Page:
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Choose-Your-Own-Adventures seem to be making a comeback. Or maybe I’m just noticing them more as I get back into the interactive fiction scene. It’s the Baader-Meinhof phenomenon of game journalism. Once you learn about a unique new concept, its suddenly everywhere.

With that said, this week I’ve been having a blast with Weirding Woods (review coming soon) and Escape the Dark Castle which I’ve found a serious love for.

You’ll never be happier to see stale bread or a mouldy apple…

Escape the Dark Castle isn’t particularly original in mechanics or concept. Co-operative CYOAs have existed before and Gothic horror castles are cliches unto themselves. But Escape the Dark Castle carries itself with such confidence and with such awareness of its genre that its almost beautiful.

At the start of each game, you and the other players choose characters from a roster of unfortunate townsfolk-cum-prisoners. The miller, the smith, the abbot, the tanner, etc. each with their own stats. The smith for example has high strength while the abbot dump statted wisdom. And while there are only 3 stats to work with, group composition is surprisingly important as each challenge requires a mixture with a fair balance between every trait.

Once each player has picked a character, you shuffle 15 cards out of the sizeable castle deck and that will be your dungeon for this run through. (I misread that the first time and tried to get through the entire deck…) Mechanically, this is great as 15 rooms pushes you to the limit and requires a good combination of luck and strategic planning with items and decisions to get through.

Matching trait to trait is surprisingly fun and exceedingly tense.

Each room has a different challenge and from what I’ve seen, no two are the same. Challenges can vary from regenerating meat creatures, muggers, trapped corridors, and cave-ins. For most room challenges, the difficulty is in rolling the required stat in one attempt (though careful use of items can help here) however, where Escape the Dark Castle varies from its ancestors is its approach to combat.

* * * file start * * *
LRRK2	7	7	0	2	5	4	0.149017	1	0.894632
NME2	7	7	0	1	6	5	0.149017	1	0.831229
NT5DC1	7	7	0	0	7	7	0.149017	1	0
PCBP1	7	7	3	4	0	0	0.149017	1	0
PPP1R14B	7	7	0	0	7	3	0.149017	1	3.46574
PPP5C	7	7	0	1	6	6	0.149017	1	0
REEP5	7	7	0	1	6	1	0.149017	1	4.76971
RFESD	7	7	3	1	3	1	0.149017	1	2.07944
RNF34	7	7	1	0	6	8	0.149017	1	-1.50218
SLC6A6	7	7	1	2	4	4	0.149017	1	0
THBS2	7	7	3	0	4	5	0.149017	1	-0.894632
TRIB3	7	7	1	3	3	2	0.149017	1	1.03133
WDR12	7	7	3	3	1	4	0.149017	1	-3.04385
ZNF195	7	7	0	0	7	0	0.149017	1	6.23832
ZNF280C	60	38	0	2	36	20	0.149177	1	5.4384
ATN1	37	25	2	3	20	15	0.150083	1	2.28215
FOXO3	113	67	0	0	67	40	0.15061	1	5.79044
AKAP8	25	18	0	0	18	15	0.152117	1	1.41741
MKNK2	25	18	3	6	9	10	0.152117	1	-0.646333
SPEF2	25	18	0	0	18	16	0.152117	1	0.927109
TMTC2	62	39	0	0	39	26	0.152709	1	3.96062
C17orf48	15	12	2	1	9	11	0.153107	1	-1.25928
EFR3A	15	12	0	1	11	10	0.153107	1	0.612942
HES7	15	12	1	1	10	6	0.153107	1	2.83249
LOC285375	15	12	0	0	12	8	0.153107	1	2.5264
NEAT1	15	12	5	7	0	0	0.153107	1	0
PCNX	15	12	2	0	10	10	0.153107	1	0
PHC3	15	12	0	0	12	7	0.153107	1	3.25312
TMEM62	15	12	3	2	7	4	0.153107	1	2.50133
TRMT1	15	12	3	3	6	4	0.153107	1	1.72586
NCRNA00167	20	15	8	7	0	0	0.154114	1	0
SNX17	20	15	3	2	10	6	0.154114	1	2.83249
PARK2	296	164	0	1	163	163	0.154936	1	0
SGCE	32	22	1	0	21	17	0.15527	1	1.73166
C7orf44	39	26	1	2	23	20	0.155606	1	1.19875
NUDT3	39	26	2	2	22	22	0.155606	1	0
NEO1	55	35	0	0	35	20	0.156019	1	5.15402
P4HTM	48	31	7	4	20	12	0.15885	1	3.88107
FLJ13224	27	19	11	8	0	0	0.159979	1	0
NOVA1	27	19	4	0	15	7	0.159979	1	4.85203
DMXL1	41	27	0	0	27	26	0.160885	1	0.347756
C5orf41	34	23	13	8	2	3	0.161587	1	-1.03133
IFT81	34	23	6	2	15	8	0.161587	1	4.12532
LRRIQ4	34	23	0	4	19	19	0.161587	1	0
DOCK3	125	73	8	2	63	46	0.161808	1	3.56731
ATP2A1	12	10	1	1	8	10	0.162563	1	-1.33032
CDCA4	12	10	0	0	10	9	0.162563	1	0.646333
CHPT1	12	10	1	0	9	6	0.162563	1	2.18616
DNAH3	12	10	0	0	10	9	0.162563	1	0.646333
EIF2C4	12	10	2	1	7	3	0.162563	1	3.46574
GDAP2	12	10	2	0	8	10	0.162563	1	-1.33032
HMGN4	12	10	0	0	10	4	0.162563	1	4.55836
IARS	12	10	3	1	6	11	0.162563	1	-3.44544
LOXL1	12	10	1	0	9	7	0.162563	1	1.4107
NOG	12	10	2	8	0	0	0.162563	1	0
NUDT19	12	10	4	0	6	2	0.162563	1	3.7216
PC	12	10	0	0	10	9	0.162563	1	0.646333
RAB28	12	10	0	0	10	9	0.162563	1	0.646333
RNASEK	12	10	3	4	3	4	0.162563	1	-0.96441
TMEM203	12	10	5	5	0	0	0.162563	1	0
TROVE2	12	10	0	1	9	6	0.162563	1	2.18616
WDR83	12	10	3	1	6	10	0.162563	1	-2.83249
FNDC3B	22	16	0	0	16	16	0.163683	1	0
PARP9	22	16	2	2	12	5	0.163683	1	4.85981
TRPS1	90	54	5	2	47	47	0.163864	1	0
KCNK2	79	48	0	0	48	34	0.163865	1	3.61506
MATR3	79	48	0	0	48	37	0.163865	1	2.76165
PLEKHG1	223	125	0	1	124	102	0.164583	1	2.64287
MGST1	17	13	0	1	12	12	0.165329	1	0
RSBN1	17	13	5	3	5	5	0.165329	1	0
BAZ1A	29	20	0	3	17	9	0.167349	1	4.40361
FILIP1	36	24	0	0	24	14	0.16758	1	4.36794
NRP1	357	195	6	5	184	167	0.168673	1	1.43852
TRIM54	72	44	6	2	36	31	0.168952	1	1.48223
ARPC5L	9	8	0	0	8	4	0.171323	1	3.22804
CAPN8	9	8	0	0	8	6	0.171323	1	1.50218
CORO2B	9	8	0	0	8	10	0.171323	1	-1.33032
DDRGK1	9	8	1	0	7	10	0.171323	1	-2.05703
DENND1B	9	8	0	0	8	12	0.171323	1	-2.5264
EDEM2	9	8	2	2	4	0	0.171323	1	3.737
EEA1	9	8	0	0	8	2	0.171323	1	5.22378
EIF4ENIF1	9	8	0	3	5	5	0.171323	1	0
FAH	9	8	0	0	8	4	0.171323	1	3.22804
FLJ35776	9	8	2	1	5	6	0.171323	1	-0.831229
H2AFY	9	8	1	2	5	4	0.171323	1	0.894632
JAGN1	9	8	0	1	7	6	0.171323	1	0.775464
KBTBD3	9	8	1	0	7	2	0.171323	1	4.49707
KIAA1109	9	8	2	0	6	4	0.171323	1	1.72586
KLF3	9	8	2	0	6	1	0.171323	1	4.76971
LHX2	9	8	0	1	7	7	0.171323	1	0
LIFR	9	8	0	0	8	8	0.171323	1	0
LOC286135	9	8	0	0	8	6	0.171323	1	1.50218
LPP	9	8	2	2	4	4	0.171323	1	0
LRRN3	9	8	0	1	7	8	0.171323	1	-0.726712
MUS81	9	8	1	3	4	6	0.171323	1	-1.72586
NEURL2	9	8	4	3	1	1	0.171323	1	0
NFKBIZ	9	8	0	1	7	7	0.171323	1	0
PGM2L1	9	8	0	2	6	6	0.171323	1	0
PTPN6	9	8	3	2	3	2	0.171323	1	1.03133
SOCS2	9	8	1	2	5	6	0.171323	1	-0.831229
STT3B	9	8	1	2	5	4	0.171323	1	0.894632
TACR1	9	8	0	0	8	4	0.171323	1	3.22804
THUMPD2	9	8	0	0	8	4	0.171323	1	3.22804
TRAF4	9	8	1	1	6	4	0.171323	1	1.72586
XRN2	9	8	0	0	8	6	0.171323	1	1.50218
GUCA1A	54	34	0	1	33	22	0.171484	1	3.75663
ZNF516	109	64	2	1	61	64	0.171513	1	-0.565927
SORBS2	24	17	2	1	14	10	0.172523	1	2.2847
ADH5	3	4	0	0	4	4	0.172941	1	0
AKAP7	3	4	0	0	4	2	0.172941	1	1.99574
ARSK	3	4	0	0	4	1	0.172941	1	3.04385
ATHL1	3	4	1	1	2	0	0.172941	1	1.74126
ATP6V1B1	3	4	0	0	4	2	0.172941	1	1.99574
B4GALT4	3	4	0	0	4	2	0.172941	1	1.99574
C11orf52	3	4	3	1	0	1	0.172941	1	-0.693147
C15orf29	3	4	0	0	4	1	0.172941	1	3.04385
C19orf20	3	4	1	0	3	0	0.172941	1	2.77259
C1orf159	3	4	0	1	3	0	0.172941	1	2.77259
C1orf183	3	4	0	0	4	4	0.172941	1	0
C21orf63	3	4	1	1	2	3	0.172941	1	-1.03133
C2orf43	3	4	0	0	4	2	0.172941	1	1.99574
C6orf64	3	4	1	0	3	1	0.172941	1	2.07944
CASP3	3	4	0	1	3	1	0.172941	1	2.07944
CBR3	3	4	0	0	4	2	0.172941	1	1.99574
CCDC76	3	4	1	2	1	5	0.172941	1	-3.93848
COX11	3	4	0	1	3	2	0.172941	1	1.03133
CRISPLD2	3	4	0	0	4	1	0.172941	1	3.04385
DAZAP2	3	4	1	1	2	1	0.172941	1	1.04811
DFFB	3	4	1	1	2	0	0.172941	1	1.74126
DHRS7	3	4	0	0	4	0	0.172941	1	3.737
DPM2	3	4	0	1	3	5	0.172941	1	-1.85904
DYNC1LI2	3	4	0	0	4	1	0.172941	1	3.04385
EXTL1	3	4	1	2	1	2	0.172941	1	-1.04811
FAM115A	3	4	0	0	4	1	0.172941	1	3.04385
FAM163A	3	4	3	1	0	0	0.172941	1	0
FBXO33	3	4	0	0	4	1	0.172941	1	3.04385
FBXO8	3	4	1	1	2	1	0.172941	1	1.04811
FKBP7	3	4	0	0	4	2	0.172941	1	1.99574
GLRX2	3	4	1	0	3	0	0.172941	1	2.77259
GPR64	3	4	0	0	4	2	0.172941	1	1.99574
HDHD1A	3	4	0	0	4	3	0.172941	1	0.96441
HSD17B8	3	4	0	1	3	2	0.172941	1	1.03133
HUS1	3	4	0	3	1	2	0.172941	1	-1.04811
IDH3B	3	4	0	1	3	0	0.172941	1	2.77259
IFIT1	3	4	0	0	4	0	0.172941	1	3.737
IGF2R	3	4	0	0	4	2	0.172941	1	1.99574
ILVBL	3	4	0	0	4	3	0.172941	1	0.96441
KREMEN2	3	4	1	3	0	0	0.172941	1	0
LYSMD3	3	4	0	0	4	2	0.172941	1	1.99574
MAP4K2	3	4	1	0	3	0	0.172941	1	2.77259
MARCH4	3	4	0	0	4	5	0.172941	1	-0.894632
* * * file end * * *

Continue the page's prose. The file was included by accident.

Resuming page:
Unlike Fighting Fantasy, you don’t get numerical values. Instead, each character die has a different number of each symbol with their highest 2 traits each providing a handy Double face which counts as 2 of the trait and blocks an enemy attack. When you come across a monster, it will have a set selection of traits that need to be rolled to defeat it as well as a player icon which means you have to roll as many die as there are players and add those results to the monster. This dynamic scaling works really well and makes you feel like you aren’t getting the short end of the stick, especially when you roll the traits your character has bags of.

The other main mechanic that Escape the Dark Castle brings to the table is the importance of marching order. As a group you must constantly make the decision as to who is going into the next room first. Usually you’ll be fine but often enough to keep it feeling like a nasty surprise, you will be subjected to some horrible effect. This could be a creature getting the drop on you or some trap going off in your face or getting into a battle where the enemy only goes for you.

The simple art and lack of colour somehow makes Escape the Dark Castle even creepier.

Thematically, Escape the Dark Castle is grim. The whole concept is built around escaping from the dungeons of a Gothic castle and defeating a big boss at the end. And the designers never lose track of that theme. The narrative text is wonderfully reminiscent of Darkest Dungeons or Lovecraft and the art, while a little low quality, portrays the horror well.

Overall, an excellent dungeon crawler/CYOA that only takes about 30 – 45 minutes. I definitely recommend putting on some Cryochamber or the Darkest Dungeon soundtrack in the background as mood is critical to the enjoyment of this game.

There are 3 expansion packs available for Escape the Dark Castle and a horror sci-fi sequel called Escape the Dark Sector is on Kickstarter HERE

You can find Escape the Dark Castle for the best price (outside of second hand re-sellers) on the developer’s website HERE and can check out the trailer below!

More boardgames should have cheesy trailers.